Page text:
Sykes

Advancing Radioactive Material Design by Understanding Nuclear Decay Effects in 2-D Films and Nanoparticles

The Sykes group was first to observe nuclear transmutation of individual radioactive atoms (1). To achieve this we synthesized and characterized the first examples of atomically precise 2D films of radioactive atoms (1). Our data indicate that radioactive iodine-125 (I-125) atoms form well-ordered monolayers on gold/mica substrates that are stable under ambient conditions and amenable to study by high resolution microscopy and surface analysis techniques. The fact that the radioactive decay occurs via electron capture with low recoil energy renders these films robust with respect to autoradiolysis that plagues many alpha and beta emitter constructs. Despite the importance of radioactive decay in a wide range of technologies there is currently no other known air-stable 2D radiation sources. The reduced dimensionality of these surface-bound films allows us to study high-energy nuclear processes safely and enables the microscopic details of radiation chemistry, biological degradation and material damage to be quantified. .

Scanning tunneling microscope data from a 2-D radioactive film showing individual atoms of both iodine-125 and the nuclear transmutation product, tellurium.

Most significantly, our results indicate that interaction of I-125 with the metallic surface produces more than five times the expected flux of electrons that accompany the high energy gamma/X-ray emission and are peaked in the 0-20 eV range. These lower energy electrons are the most important species in radiation induced chemistry and biological damage due to their high damage cross sections and short range. I-125 is commonly used in medical imaging, radiation therapy and biological assays and the iodine-gold surface chemistry described here is transferable to biocompatible gold nanoparticles. Therefore, our electron emission results offer the intriguing prospect of using metal nanoparticle supported radioisotopes for the enhanced, targeted electron dosing of tumor cells with short range, chemically active low energy electrons; a goal which we are actively pursuing.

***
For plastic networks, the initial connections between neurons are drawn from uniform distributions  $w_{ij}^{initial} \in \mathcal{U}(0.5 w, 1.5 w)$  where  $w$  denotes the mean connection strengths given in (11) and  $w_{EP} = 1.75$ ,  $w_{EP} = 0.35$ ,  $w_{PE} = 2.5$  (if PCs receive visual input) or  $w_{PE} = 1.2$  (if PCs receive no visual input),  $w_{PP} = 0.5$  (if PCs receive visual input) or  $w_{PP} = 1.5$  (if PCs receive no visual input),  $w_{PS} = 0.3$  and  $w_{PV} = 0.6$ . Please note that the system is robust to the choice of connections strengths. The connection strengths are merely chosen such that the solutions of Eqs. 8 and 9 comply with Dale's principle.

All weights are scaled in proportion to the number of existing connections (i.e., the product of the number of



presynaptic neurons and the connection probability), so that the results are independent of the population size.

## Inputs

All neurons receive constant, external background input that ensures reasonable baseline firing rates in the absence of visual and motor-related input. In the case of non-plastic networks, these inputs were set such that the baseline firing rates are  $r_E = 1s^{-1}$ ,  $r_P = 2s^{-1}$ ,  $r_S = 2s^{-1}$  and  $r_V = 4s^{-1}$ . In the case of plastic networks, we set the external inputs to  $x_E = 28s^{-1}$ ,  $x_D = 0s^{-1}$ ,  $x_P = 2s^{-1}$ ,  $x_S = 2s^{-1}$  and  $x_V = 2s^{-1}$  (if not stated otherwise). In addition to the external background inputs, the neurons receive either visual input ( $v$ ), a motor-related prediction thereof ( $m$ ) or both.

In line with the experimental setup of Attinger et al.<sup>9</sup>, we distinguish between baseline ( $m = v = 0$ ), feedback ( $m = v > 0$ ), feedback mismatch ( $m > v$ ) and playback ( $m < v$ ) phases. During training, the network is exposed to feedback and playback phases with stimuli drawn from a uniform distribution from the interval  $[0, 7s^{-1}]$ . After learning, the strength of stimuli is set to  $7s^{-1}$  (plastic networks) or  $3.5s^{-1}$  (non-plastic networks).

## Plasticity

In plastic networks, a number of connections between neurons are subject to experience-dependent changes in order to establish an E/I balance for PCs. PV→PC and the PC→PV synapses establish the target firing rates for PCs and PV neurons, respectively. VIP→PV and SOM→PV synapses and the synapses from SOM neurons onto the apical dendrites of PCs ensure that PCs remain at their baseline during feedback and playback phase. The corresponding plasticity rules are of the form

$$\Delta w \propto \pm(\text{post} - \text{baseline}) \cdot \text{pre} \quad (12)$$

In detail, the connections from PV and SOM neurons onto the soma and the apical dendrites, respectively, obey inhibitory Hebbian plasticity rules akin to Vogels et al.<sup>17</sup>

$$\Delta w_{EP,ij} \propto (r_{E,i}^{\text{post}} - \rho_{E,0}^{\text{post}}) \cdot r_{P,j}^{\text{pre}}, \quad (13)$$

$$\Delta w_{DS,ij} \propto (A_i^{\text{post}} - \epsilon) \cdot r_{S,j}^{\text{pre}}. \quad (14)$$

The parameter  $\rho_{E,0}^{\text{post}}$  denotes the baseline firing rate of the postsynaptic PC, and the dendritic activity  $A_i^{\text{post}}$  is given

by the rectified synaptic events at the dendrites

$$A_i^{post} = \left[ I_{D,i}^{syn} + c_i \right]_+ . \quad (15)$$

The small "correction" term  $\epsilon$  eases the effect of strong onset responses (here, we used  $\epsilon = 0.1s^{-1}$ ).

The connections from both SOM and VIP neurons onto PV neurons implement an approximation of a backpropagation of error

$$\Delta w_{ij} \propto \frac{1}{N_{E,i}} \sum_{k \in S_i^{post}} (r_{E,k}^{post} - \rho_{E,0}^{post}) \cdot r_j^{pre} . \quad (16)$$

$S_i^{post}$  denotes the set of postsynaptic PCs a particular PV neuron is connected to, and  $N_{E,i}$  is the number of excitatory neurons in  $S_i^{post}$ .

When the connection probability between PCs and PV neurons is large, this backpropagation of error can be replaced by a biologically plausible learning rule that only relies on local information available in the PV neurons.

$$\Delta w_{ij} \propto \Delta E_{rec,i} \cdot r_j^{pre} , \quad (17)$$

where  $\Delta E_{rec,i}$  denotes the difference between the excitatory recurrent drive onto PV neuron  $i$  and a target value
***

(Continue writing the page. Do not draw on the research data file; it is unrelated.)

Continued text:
1) "Enhancement of Low-Energy Electron Emission in 2D Radioactive Films" A. Pronschinske, P. Pedevilla, C. J. Murphy, E. A. Lewis, F. R. Lucci, G. Brown, G. Pappas, A. Michaelides, and E. C. H. Sykes Nature Materials 2015, 14, 904-907. (link)